The memoirs of the man who marched beside the Rev. Martin Luther King Jr. depict him as a leader of outstanding moral character but who had a weakness for women, even on the night before his assassination.
"And The Walls Came Tumbling Down," published this month by Harper & Row, chronicles the Rev. Ralph David Abernathy's life as a preacher and civil rights activist, including his many years as King's closest friend and confidant.Abernathy reveals that King had encounters with various women on the night before his April 4, 1968, assassination at a Memphis, Tenn., hotel.
The revelation corroborates longstanding reports that King had extramarital affairs.
But in an advance copy of the book, Abernathy staunchly defends his friend's morality, without condoning his activities. He explains that he felt compelled to write of "my friend's weakness for women," and devotes part of one chapter in the 610-page book to King's private affairs.
King "believed in the biblical prohibition against sex outside of marriage. It was just that he had a particularly difficult time with that temptation," Abernathy wrote. "We all fall short of the mark . . . Sexual sins are by no means the worst. Hatred and a cold disregard for others are the besetting sins of our time."
Abernathy said he might have avoided the matter had others not dealt with it in detail.
He said he wanted "to make some attempt to render justice to the dead without causing too much unnecessary pain to the living."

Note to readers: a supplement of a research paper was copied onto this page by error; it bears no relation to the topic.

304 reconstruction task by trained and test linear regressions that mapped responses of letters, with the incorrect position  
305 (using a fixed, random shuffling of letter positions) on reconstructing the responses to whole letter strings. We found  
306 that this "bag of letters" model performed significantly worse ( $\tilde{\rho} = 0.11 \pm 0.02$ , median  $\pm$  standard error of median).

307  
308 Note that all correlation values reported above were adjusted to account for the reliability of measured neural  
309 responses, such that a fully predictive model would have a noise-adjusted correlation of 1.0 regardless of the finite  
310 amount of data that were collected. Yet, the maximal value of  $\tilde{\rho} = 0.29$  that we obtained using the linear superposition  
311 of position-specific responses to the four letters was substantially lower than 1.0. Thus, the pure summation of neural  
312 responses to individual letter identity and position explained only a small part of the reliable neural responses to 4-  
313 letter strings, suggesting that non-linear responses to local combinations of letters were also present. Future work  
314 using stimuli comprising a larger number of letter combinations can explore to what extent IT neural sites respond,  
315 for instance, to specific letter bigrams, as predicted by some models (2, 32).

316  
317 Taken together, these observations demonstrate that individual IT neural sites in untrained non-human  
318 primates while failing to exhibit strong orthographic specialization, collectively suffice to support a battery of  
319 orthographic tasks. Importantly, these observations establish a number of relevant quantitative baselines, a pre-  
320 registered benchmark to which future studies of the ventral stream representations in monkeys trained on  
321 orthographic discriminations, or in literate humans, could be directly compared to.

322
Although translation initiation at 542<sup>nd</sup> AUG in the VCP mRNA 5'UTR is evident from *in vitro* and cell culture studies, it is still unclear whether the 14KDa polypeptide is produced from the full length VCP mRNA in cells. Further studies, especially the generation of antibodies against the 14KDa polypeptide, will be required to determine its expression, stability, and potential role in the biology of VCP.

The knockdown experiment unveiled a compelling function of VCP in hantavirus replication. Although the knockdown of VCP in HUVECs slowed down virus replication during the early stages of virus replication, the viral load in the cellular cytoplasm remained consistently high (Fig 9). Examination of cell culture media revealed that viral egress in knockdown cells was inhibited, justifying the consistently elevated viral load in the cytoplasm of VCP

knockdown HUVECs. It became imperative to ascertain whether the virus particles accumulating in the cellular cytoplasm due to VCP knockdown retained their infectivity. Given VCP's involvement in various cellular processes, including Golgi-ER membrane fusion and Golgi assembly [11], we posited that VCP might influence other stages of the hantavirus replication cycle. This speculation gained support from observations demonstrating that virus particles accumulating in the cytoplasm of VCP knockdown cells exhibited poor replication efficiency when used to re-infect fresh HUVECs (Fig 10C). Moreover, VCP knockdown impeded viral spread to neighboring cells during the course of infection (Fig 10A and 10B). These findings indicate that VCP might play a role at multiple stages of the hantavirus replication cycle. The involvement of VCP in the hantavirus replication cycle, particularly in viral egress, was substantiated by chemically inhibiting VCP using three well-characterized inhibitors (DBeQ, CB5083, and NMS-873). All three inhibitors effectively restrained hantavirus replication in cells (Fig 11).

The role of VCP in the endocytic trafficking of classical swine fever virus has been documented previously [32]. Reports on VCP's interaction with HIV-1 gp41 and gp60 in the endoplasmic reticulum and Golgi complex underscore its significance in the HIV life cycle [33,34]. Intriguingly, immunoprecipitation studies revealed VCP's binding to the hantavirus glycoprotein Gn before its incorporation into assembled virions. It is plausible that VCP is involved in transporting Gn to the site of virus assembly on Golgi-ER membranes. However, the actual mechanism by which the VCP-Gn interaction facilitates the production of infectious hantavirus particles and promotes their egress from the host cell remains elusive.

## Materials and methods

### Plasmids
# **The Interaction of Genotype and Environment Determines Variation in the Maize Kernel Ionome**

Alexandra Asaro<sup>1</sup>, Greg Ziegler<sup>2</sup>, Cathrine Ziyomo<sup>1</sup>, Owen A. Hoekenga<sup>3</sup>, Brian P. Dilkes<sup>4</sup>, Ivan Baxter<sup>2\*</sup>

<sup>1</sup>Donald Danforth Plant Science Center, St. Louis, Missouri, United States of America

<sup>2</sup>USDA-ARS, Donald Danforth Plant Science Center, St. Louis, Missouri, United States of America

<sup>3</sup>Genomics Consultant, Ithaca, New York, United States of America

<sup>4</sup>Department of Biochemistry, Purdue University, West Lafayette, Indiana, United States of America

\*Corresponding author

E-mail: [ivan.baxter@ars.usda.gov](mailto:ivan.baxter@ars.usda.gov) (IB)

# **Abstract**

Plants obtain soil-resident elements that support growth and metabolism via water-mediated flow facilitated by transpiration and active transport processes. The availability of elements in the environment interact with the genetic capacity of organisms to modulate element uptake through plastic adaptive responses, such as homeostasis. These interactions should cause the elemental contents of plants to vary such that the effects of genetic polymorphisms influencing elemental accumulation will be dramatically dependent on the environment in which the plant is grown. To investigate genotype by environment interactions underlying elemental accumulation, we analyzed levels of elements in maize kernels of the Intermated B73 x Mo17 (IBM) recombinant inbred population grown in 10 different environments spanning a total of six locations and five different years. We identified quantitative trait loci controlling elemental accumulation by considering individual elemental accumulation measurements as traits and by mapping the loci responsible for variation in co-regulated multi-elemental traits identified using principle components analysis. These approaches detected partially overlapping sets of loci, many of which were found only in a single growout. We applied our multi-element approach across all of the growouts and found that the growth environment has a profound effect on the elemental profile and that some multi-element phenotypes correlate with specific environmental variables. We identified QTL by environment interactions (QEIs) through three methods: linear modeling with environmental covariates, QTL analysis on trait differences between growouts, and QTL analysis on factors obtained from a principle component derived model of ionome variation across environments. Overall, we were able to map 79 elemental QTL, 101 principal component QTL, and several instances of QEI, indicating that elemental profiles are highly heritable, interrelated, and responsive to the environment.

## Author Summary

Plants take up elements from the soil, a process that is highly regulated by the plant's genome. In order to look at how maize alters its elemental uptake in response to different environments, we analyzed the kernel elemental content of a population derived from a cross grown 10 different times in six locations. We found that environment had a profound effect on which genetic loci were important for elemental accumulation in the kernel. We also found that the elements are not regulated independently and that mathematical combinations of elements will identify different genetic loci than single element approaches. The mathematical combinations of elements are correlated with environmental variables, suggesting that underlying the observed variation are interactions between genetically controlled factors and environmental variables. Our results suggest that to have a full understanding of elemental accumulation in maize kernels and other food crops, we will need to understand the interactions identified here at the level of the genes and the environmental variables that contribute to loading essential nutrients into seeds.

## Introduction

Abernathy names none of the women with whom King allegedly was involved. He said extended travels during the civil rights movement were one reason, but not the main one, for King's extramarital liaisons.
"He was . . . a man who attracted women, even when he didn't intend to, and attracted them in droves," Abernathy said. "He was a hero - the greatest hero of his age - and women are always attracted to a hero."
Abernathy praised his friend for courage, saying had King "been a coward rather than a truly brave man . . . we might still be riding in the back of buses and eating in segregated restaurants."
He also said he felt other King aides saw him as "no more than an appendage to Martin, someone who served as a part companion, part bodyguard, but who never played an important role in the decisions that affected the direction of the movement."